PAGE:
Igor had discovered golf through a computer game. He got quite good at virtual golf, playing to a handicap of plus-eighteen or so. Then he took a vacation in America and stopped one day at a pitch-and-putt course near Salt Lake City. There he tried golf for the first time outside of cyberspace. Before long he'd bought clubs and joined the Moscow City Golf Club. Igor was reputed to be one of the best Russian amateurs outside the junior development program. But, like me, he'd found the Moscow Country Club a bit much from the back tees.
By the turn, we were all so far from the hunt we could have joined People for the Ethical Treatment of Animals. I asked Igor and the boys whether they ever placed any impromptu wagers. They smiled. We staggered off, playing the back nine for 100 rubles, the equivalent of about three dollars.
Despite the monetary incentive, my play remained horrible. Daniel, my caddie, could no longer hide his disdain. He was too well trained to comment on my swing or my putting. But he started to correct my pronunciation, something that in my experience Russians do only when they are so disgusted they forget their normal manners.
"Malo PYES-ka v etom bunkerye," ("Not much sand in that bunker")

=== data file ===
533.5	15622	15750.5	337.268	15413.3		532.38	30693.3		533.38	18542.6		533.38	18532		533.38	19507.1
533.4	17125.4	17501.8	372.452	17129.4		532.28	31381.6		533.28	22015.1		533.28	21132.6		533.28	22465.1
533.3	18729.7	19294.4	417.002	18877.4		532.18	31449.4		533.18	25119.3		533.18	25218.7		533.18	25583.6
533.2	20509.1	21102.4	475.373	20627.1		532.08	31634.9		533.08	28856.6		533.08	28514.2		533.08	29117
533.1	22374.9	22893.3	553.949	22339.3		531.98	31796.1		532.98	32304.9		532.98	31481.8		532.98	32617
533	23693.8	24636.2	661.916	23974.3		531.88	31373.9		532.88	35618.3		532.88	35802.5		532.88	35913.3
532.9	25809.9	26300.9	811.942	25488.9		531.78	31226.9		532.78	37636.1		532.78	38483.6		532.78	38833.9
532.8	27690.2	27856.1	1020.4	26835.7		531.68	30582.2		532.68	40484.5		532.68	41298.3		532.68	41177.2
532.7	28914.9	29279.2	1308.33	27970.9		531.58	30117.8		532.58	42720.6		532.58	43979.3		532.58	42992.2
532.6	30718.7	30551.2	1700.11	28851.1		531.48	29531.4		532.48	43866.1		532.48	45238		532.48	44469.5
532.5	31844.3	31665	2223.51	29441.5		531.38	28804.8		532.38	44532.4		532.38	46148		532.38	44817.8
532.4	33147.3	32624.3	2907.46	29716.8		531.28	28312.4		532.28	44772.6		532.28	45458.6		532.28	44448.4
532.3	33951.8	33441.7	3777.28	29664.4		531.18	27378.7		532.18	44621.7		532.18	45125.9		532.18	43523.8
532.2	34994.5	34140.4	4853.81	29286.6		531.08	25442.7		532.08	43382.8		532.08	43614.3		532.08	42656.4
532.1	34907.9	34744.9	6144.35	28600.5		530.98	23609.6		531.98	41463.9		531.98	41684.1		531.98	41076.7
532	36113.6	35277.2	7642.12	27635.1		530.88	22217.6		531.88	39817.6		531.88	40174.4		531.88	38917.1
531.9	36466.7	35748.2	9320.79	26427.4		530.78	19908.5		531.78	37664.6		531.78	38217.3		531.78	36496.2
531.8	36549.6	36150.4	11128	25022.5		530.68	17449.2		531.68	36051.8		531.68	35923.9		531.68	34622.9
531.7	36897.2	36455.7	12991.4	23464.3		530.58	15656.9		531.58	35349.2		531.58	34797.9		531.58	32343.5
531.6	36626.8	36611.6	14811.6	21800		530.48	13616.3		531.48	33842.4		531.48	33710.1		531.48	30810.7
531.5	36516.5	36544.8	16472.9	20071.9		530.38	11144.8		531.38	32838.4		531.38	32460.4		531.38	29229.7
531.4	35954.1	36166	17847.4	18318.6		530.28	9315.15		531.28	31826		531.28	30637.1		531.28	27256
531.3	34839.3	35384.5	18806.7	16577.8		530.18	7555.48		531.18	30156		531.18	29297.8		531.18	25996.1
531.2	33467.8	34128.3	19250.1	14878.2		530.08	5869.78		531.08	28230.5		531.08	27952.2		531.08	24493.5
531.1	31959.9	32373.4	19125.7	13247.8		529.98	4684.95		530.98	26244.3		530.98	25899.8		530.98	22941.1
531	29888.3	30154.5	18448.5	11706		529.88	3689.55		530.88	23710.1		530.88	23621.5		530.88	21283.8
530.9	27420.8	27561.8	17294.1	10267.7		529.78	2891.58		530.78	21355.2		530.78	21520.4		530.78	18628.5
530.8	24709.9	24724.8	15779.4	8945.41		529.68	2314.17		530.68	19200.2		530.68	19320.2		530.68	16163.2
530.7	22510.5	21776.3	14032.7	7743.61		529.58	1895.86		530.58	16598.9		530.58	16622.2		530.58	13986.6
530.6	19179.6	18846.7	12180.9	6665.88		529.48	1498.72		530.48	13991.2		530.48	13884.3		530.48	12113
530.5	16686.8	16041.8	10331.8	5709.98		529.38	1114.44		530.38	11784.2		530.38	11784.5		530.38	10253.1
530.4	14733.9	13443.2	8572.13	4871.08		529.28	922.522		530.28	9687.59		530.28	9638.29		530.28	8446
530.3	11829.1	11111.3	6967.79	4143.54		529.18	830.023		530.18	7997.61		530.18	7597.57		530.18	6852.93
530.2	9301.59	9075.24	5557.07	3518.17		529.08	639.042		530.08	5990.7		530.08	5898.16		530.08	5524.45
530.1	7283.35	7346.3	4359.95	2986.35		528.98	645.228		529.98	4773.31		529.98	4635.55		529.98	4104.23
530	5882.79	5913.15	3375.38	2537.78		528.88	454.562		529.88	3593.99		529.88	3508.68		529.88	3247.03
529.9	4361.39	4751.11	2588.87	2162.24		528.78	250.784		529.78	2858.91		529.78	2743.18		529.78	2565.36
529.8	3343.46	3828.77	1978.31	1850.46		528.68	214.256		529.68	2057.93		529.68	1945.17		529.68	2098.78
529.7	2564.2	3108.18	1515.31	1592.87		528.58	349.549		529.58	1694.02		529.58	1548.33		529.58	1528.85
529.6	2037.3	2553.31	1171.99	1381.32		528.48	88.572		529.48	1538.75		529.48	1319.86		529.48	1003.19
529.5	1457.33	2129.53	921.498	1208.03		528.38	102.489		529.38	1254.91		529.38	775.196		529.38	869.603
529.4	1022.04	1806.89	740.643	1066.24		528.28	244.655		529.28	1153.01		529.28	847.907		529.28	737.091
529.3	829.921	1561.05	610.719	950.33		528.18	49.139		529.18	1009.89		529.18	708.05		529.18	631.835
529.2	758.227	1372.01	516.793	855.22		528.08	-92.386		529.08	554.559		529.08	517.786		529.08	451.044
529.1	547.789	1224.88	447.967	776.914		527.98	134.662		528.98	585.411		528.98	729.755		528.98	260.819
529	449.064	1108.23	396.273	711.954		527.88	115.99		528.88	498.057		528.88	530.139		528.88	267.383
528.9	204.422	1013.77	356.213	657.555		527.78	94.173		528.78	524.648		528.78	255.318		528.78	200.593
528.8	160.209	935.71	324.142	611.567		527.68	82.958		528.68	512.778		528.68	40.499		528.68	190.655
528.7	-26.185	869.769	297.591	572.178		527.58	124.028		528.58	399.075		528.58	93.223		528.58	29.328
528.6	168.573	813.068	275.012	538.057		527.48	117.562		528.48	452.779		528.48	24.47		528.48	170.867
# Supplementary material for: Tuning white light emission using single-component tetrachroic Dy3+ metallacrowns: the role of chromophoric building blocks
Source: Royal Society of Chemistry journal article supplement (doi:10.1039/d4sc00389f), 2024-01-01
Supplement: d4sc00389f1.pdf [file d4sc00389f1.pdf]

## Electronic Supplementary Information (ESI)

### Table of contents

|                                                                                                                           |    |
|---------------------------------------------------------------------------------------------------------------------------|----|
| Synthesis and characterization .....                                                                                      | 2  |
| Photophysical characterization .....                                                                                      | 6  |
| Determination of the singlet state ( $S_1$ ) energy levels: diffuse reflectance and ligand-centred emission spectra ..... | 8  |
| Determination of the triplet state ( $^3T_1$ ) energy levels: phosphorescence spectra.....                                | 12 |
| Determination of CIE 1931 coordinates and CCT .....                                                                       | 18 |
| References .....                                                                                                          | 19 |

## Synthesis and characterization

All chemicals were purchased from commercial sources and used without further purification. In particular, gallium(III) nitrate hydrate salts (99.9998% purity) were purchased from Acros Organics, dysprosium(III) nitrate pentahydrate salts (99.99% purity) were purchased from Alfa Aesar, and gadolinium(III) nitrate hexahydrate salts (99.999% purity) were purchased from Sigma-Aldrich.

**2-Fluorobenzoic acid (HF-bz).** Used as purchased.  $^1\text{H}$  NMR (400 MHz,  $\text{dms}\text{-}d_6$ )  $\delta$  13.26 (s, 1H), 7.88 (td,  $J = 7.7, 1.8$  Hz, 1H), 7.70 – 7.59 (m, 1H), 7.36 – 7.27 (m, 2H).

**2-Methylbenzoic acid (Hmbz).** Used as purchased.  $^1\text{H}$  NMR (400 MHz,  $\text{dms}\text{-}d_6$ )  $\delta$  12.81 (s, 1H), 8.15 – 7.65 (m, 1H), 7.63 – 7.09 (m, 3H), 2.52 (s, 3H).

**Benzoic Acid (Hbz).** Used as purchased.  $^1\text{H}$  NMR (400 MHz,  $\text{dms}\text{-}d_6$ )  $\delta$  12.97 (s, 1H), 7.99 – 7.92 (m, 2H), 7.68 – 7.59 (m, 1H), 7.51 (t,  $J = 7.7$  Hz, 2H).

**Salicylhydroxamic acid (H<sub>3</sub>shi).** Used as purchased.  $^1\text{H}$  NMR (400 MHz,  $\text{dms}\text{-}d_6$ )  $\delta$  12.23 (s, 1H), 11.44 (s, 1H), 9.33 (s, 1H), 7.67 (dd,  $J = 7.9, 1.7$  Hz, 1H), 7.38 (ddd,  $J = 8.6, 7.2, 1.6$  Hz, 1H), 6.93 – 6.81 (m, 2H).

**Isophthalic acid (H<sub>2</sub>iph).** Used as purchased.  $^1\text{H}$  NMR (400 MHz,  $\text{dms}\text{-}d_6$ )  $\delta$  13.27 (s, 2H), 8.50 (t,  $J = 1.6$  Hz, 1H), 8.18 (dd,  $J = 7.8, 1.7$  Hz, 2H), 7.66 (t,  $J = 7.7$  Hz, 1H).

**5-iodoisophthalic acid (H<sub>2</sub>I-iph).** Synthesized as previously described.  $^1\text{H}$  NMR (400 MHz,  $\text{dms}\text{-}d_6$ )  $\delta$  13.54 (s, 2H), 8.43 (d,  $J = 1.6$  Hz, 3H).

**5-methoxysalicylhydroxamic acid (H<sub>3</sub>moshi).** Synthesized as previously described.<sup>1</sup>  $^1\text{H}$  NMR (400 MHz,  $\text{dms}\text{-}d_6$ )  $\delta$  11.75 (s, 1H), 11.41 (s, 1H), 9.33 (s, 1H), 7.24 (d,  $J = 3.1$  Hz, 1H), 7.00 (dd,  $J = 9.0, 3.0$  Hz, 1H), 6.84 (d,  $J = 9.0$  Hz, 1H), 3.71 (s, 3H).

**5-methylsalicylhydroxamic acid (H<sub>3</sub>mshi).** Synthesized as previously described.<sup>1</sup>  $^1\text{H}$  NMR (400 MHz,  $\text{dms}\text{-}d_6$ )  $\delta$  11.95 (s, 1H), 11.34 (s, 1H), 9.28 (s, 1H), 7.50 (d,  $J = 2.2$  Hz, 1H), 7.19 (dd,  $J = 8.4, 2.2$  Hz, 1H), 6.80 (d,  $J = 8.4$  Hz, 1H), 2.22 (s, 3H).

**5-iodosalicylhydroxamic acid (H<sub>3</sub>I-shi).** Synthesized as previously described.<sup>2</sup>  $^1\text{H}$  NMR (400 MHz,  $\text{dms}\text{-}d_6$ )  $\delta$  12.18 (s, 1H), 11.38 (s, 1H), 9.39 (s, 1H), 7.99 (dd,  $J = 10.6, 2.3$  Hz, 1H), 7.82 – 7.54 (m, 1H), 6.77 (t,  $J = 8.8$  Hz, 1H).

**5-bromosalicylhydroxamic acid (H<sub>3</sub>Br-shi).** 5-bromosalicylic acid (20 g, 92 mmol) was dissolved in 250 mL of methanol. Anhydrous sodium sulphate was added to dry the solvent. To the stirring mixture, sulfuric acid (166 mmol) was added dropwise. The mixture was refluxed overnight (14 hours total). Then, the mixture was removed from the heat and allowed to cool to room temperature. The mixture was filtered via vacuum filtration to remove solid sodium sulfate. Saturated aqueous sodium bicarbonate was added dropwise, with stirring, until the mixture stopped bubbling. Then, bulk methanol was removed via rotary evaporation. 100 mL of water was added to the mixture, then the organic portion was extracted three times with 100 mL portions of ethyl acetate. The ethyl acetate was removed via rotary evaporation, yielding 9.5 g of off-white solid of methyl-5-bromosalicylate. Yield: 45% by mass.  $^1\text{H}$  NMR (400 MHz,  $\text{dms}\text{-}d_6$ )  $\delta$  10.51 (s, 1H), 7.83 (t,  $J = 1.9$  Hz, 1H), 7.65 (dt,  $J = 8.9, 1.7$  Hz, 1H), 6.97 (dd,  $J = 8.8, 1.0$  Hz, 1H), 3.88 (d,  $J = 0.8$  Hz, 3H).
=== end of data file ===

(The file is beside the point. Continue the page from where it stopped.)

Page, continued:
I grumbled after a half-shanked explosion skittered over the green.
"Pyes-KA," Daniel said firmly.
I chipped up unexpectedly close to the hole and saved bogey. "SMYESH-na-ya igra," ("It's a funny game") I said.
"Smyesh-NA-ya," he corrected me, sounding dour as a Scotsman.
By the time we came to the final hole, much had been decided. Artem Nesterov would win the championship with a three-round score of 221, five over par. Sasha Mayorov was on his way to a 232, fifth overall. He was fourth among Russians, good enough for a spot on the team going to Malaysia. Viktor Ostankov had been disqualified for failing to turn in a card after his disastrous second round. He will, I hope, be an excellent veterinarian. Alexander Dobrovinsky would win his flight, for players with handicaps from nineteen to twenty-eight, and accept his trophy in white duck trousers and a blue blazer with ROYAL NAVY embroidered on the breast pocket. And I would finish twenty-fifth, respectable only if you don't know that the championship flight had thirty-two players.
The future of golf in Russia was less clear, much like the future of Joe Cocker concerts, hippies and all the other novelties the Russians are trying. My friend Olga had told me she didn't think the game fit well with the Russian national character. "It's too philosophical," she said. "We like team sports, action sports like hockey." But Igor was more sanguine. "What other sport could I have taken up at thirty-five and still be competitive?" he asked. "We need that here."